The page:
Q: How can I improve my course management to avoid double bogeys? A: Improve course management by selecting the right club for each shot, playing to your strengths, and avoiding high-risk shots when unnecessary. Plan your approach to each hole strategically and aim for positions that set up easier shots to the green.

Q: What can I do to reduce the number of penalty strokes leading to double bogeys? A: Minimize penalty strokes by avoiding hazards and trouble spots on the course. Play safe shots when in doubt, and consider laying up if you're unsure of clearing a hazard. Course knowledge and proper shot selection are crucial for penalty avoidance.

Q: How can I improve my mental game to prevent double bogeys? A: Work on mental resilience and maintaining focus throughout the round. Develop a pre-shot routine to stay composed and confident over each shot. Let go of mistakes quickly and stay positive to avoid compounding errors.

Q: How can I improve my short game to save strokes around the green? A: Invest time in practicing chipping, pitching, and putting. Develop touch and feel around the greens to get up-and-down more consistently. Focus on getting the ball close to the hole from off the green to avoid three-putts and maximize your chances of saving par.

Q: How can I improve my putting to eliminate three-putts? A: Practice putting regularly to improve your distance control and accuracy. Work on lag putting to leave yourself shorter, more manageable putts for your second strokes. Develop a consistent putting routine to build confidence under pressure.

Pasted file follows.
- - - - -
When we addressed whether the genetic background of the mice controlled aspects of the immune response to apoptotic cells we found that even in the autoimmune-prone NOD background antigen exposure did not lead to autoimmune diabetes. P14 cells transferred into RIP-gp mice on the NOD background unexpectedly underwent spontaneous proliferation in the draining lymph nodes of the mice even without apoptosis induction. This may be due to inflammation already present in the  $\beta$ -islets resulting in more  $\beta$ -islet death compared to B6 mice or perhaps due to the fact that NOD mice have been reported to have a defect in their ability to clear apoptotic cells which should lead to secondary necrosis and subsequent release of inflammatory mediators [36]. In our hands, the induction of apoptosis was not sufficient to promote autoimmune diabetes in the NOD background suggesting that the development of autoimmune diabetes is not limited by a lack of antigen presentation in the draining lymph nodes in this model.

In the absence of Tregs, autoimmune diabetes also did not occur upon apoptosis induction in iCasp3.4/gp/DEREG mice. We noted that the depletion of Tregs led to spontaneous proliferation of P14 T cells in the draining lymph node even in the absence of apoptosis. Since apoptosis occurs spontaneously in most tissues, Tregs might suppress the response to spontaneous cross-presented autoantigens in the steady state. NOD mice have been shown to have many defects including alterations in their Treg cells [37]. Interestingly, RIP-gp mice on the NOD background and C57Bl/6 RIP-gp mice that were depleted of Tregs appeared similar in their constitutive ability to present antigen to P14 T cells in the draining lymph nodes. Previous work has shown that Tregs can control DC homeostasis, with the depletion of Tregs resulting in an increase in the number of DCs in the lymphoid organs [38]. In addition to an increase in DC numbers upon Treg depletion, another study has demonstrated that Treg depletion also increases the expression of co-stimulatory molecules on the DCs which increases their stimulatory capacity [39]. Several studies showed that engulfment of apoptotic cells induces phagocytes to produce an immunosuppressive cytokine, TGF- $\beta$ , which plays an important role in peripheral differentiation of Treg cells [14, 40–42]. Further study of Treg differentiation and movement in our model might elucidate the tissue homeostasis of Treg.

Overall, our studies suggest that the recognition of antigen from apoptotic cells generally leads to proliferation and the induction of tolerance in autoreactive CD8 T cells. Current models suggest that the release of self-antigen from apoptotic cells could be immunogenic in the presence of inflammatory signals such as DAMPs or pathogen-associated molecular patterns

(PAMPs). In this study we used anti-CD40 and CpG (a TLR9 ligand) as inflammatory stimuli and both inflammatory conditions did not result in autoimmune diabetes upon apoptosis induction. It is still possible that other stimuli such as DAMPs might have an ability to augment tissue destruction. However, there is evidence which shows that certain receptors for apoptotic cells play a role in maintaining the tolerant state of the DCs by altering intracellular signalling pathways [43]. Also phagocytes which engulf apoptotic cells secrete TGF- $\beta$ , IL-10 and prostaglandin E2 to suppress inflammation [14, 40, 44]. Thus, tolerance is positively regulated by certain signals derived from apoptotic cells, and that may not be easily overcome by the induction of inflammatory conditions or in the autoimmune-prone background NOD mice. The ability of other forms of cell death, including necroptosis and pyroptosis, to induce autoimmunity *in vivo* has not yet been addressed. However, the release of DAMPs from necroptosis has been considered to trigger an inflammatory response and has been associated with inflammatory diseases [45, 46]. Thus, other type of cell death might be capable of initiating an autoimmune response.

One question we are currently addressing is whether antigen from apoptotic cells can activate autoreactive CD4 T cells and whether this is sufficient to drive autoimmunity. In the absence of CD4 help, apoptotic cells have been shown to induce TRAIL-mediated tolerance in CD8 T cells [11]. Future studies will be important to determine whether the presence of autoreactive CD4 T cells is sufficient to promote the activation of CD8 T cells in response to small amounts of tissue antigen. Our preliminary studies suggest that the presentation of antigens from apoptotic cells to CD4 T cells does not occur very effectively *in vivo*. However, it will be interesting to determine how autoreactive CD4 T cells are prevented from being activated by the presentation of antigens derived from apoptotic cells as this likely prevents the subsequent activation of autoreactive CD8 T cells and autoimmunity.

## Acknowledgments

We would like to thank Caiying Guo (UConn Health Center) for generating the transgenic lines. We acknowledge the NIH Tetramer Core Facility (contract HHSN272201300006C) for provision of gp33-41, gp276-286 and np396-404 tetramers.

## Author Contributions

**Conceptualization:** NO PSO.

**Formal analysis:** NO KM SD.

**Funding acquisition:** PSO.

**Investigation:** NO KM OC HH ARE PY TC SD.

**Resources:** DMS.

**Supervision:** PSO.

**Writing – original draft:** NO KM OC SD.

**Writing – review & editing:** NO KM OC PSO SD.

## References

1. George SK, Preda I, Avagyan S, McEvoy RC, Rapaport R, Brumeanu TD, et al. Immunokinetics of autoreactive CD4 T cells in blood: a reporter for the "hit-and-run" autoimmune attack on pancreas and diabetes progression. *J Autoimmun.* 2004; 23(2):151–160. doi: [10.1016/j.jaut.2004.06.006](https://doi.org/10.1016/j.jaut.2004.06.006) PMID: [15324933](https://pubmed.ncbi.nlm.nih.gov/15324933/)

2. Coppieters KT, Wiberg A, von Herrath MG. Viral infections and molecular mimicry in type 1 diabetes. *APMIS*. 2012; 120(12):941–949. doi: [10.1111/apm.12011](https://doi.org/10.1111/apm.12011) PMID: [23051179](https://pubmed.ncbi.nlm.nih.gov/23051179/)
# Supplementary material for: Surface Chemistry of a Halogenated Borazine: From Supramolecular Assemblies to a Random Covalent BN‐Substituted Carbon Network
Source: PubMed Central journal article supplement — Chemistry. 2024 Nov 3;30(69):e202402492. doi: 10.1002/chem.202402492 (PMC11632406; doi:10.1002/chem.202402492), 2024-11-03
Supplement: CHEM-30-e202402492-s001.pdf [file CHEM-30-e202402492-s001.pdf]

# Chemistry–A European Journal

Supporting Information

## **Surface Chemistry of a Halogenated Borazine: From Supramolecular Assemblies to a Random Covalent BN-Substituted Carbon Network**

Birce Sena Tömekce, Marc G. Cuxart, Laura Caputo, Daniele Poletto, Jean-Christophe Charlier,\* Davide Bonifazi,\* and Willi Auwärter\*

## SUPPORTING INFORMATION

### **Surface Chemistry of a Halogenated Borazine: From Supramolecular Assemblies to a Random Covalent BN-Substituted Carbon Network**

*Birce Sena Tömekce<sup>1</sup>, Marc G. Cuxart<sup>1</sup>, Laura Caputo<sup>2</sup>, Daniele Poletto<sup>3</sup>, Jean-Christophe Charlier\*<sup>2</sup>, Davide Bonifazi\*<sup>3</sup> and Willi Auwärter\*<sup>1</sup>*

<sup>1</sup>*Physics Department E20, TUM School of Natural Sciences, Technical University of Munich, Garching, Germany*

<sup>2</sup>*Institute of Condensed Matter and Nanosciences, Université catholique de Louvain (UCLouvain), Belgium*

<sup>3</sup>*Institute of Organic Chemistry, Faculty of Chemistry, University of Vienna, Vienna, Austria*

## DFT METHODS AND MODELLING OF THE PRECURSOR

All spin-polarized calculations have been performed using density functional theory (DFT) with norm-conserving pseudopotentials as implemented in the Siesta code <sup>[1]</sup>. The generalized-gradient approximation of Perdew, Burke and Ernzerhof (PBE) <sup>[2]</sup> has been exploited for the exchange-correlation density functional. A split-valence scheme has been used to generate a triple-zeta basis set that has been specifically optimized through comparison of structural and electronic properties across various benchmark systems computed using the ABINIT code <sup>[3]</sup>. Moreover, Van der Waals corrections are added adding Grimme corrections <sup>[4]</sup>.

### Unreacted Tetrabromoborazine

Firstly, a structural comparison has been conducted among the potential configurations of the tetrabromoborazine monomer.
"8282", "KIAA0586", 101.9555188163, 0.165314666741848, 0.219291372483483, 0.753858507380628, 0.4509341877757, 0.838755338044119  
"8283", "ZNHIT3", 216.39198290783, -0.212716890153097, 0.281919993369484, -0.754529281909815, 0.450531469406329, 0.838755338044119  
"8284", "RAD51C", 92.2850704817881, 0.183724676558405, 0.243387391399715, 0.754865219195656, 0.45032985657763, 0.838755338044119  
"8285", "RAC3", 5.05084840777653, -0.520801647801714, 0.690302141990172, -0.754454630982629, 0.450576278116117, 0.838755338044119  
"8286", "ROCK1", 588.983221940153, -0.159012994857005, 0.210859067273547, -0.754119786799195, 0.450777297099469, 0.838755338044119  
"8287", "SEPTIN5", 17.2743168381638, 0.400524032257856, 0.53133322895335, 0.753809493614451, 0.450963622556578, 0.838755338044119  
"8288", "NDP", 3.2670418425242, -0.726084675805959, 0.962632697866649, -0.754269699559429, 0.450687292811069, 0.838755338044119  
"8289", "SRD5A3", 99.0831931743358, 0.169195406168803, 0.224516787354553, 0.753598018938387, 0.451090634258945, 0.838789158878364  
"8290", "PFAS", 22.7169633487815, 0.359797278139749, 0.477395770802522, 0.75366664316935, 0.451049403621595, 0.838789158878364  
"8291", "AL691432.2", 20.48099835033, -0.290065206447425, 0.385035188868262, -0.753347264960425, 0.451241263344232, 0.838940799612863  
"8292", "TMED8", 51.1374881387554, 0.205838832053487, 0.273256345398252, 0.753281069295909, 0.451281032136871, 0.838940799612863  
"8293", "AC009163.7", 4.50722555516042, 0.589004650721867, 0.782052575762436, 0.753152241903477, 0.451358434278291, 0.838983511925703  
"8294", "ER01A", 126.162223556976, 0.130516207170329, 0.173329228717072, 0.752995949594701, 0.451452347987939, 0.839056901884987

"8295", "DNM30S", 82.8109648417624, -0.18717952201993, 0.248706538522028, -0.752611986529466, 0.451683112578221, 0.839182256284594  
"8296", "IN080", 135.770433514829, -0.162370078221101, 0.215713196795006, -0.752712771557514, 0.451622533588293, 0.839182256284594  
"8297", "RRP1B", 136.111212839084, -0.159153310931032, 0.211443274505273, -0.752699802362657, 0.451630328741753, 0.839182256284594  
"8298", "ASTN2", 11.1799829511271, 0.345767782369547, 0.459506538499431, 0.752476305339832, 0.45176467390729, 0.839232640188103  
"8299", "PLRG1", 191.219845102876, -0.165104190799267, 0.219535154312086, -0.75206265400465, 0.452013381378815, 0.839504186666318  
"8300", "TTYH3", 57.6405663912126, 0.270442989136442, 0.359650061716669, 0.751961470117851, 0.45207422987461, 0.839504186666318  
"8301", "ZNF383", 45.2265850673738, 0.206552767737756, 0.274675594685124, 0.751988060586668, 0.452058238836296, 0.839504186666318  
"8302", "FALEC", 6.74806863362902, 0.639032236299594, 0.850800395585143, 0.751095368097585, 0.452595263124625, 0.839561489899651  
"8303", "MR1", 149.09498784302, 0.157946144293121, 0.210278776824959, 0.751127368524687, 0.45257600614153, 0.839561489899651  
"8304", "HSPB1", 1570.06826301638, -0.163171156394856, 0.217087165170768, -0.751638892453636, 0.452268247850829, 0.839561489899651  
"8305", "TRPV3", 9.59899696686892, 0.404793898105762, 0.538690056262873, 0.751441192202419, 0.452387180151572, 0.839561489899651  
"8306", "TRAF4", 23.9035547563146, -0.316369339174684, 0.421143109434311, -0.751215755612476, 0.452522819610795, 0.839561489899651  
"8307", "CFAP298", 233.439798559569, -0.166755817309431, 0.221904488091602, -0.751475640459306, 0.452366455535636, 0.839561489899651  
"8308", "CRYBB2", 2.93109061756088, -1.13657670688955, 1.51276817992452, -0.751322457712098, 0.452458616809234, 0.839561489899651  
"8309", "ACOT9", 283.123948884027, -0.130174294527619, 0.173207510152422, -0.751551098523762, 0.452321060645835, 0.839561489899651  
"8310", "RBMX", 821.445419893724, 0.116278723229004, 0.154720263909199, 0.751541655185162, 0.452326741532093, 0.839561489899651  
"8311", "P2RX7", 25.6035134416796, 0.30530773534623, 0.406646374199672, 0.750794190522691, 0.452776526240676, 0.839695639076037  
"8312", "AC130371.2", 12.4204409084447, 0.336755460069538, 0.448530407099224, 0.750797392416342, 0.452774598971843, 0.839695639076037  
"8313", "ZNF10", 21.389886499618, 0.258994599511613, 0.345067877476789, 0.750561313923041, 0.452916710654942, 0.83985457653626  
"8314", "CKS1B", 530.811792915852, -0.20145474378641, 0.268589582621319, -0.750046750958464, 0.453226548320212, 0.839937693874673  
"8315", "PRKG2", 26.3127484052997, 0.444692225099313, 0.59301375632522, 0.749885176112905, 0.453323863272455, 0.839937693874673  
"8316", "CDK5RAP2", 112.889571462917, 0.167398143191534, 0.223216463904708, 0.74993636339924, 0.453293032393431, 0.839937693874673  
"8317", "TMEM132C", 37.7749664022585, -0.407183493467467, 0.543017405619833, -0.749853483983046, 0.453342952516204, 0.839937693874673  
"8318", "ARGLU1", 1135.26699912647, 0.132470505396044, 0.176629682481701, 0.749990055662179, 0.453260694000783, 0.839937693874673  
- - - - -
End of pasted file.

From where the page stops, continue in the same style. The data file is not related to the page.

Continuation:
Q: What should I do if I find myself in trouble during a hole? A: Assess your options carefully and choose the least risky shot to get back into play. Sometimes, it's better to take a conservative approach and avoid compounding mistakes. Use a punch-out or lay-up to set up a better third shot to the green.

Q: How can I stay mentally focused during the entire round to avoid mental lapses leading to double bogeys? A: Develop mental strategies, such as mindfulness and visualization, to stay focused on each shot. Practice breathing exercises to stay calm under pressure. Reframe negative thoughts into positive ones and maintain a positive attitude throughout the round.

Q: Should I be more aggressive or conservative to avoid double bogeys? A: It depends on your skill level and the situation. Being overly aggressive can lead to more mistakes, so err on the side of caution when unsure. As your skills improve, you can make more strategic decisions based on your capabilities.